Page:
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Isomerism
Isomerism
Structural
Isomers
Stereo
Isomers
E/Z (cistrans)
Isomers
Optical
Isomers
Stereo isomerism –same structural formula but
different arrangements of groups in space.
Week 7
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Describe optical isomers as non-superimposable mirror images about an
organic chiral centre.
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Identify chiral centres in a molecule of given structural formula.
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Explain that optical isomerism and E/Z isomerism are types of
stereoisomerism.
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• All molecules have a mirror image –
but for most molecules it is the
same molecule.
H
H
H
C
C
H
F
H
F
H
fluoromethane
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• For some molecules the mirror image is a different
molecule (the mirror image is non-superimposable).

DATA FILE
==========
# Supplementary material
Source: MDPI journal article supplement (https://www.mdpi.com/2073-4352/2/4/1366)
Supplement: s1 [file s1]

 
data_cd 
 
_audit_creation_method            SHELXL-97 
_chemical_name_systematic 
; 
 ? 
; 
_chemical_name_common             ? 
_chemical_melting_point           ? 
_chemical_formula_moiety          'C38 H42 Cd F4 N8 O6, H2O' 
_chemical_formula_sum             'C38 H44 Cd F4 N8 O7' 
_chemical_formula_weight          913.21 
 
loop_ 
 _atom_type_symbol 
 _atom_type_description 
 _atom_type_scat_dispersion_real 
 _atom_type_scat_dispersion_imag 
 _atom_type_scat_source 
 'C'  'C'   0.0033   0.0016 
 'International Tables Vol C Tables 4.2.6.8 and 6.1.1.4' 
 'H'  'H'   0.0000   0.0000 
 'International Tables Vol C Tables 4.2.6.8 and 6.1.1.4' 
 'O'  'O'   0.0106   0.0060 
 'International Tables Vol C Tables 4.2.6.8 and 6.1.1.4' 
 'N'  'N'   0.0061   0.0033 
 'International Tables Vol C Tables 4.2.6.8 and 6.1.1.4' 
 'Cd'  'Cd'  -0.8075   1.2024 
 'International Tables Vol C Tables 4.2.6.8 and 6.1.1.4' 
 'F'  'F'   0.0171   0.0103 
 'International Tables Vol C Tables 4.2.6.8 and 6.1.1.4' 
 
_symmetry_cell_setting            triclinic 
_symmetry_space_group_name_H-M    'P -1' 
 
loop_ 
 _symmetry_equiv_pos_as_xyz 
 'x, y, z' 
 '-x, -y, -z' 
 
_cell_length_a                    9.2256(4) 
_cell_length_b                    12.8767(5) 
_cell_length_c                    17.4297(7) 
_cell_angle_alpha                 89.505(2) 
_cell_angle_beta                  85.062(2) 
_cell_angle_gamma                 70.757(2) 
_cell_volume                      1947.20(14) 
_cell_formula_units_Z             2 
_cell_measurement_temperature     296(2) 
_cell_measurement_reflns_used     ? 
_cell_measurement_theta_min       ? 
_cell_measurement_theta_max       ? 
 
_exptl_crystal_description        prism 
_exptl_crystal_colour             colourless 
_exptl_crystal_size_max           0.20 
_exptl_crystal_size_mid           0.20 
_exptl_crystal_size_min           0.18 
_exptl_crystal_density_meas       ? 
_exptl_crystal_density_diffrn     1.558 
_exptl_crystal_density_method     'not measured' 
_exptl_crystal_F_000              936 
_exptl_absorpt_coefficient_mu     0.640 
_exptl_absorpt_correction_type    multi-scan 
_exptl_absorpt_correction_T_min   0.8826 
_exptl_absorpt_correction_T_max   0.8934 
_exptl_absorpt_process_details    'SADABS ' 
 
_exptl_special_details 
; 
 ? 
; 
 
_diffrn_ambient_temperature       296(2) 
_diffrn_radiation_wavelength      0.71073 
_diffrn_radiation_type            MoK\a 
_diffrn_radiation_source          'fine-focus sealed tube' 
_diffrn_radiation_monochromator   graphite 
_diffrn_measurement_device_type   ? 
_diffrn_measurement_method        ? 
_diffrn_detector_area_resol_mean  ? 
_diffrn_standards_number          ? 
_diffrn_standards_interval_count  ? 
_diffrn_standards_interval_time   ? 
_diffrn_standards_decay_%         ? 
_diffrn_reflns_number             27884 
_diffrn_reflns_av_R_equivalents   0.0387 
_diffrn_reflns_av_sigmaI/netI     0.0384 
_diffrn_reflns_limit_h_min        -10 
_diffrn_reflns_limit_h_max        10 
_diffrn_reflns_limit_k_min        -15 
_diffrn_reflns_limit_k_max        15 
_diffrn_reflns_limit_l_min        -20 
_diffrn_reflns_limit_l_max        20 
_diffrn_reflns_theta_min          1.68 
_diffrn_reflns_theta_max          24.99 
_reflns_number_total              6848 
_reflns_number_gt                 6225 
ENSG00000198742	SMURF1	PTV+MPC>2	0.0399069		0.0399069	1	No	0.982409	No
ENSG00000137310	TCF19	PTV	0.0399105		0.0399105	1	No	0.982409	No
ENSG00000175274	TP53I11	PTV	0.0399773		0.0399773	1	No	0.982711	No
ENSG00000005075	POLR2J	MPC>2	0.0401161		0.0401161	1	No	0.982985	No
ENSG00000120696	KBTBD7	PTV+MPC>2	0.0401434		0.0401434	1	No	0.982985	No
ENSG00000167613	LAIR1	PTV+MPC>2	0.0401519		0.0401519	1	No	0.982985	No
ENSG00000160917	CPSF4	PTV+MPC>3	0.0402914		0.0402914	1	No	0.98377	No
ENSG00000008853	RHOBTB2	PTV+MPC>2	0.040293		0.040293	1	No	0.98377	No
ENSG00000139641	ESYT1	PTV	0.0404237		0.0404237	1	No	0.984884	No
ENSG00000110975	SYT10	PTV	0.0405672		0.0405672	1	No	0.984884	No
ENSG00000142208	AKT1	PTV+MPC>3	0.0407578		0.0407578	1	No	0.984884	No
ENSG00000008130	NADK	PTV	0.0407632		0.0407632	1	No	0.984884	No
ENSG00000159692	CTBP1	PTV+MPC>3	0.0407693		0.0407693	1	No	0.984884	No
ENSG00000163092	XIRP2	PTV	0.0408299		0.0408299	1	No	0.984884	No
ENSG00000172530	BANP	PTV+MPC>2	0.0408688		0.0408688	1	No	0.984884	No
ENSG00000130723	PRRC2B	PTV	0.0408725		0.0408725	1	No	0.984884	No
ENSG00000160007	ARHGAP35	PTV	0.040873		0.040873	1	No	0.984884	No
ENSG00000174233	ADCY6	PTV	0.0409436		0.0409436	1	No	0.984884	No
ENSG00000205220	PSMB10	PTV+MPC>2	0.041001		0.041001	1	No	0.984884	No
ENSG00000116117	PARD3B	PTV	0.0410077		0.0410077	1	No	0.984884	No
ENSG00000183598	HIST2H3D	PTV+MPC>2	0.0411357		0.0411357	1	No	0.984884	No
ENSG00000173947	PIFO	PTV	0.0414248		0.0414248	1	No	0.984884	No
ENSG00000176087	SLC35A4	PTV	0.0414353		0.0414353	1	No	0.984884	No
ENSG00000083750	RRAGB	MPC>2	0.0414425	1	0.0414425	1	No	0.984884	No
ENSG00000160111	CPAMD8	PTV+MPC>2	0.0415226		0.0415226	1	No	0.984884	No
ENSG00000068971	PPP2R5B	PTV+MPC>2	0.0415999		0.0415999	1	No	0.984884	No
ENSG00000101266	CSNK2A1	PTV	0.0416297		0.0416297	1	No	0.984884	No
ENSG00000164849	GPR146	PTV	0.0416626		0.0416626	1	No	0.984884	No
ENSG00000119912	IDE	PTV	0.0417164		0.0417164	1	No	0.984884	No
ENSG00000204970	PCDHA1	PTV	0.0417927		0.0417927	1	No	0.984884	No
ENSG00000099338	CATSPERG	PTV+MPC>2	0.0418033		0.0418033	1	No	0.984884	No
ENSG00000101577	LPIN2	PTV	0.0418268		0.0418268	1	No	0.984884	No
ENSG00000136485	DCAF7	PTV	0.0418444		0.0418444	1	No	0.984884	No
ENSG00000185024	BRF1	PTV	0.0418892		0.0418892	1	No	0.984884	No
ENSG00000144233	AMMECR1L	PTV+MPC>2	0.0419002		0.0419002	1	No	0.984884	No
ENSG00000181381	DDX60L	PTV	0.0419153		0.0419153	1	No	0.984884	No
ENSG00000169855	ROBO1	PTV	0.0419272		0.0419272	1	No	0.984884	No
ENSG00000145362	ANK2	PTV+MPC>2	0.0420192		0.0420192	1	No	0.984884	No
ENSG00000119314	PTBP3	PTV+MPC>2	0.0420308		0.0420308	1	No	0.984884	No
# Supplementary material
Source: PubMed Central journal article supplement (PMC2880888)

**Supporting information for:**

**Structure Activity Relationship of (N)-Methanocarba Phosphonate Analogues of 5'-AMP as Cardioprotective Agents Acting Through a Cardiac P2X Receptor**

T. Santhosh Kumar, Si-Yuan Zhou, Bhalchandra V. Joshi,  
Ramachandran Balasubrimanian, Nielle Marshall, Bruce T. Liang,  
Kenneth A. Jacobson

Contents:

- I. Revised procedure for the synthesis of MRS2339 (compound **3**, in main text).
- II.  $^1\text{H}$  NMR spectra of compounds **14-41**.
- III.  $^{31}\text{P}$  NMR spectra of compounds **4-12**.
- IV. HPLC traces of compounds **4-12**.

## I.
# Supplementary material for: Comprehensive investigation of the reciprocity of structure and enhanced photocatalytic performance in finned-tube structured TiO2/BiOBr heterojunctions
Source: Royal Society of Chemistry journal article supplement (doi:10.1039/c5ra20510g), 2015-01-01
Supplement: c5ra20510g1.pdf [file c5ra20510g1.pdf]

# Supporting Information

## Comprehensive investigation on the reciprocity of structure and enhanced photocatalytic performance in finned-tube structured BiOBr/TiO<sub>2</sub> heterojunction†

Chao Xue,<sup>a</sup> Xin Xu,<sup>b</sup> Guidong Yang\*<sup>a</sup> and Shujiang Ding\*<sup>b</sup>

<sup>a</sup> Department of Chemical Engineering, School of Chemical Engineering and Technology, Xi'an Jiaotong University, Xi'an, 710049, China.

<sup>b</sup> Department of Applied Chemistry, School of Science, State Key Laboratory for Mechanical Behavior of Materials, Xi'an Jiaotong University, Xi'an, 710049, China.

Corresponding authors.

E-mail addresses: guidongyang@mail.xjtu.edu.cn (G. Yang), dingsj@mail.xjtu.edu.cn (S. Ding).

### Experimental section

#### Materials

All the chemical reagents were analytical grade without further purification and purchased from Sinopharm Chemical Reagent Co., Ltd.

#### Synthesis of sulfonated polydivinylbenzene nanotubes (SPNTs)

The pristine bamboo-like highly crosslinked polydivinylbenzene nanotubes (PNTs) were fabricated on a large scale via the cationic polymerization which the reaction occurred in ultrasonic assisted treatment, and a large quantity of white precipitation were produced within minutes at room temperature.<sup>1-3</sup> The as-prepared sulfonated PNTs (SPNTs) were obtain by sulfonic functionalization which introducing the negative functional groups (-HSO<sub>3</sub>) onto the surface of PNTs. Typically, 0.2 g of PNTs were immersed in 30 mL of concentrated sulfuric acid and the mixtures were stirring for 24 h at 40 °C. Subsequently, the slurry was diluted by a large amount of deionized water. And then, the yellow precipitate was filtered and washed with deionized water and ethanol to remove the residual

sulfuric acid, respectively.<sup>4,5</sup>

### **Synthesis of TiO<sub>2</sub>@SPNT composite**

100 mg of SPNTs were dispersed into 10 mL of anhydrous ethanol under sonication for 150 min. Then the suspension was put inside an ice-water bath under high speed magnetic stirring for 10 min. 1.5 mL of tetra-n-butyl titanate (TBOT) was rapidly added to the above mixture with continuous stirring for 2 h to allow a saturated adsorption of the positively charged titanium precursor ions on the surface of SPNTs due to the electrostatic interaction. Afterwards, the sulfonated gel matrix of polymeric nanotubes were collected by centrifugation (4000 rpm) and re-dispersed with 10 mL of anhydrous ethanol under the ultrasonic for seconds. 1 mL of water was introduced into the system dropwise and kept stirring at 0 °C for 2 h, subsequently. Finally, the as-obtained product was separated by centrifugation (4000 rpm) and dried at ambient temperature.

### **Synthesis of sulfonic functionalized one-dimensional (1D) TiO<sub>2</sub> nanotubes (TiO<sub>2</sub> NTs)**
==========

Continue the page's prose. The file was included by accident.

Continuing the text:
When this happens the 2 forms of the molecule are
described as OPTICAL ISOMERS. Optical isomerism
is a form of stereoisomerism.
H
OH
OH
C
C
COOH
CH3
(-) lactic acid
in sour milk
HOOC
H3C
H
(+) lactic acid
in muscles
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• Molecules that are optical isomers are called
enantiomers.
• Enantiomers have identical chemical and
physical properties, except:
• Their effect on plane polarised light;
• Their reaction with other chiral molecules.
Many natural molecules are chiral and most
natural reactions are affected by optical
isomerism.
• In nature, only one optical isomer occurs (e.g.
all natural amino acids are rotate polarised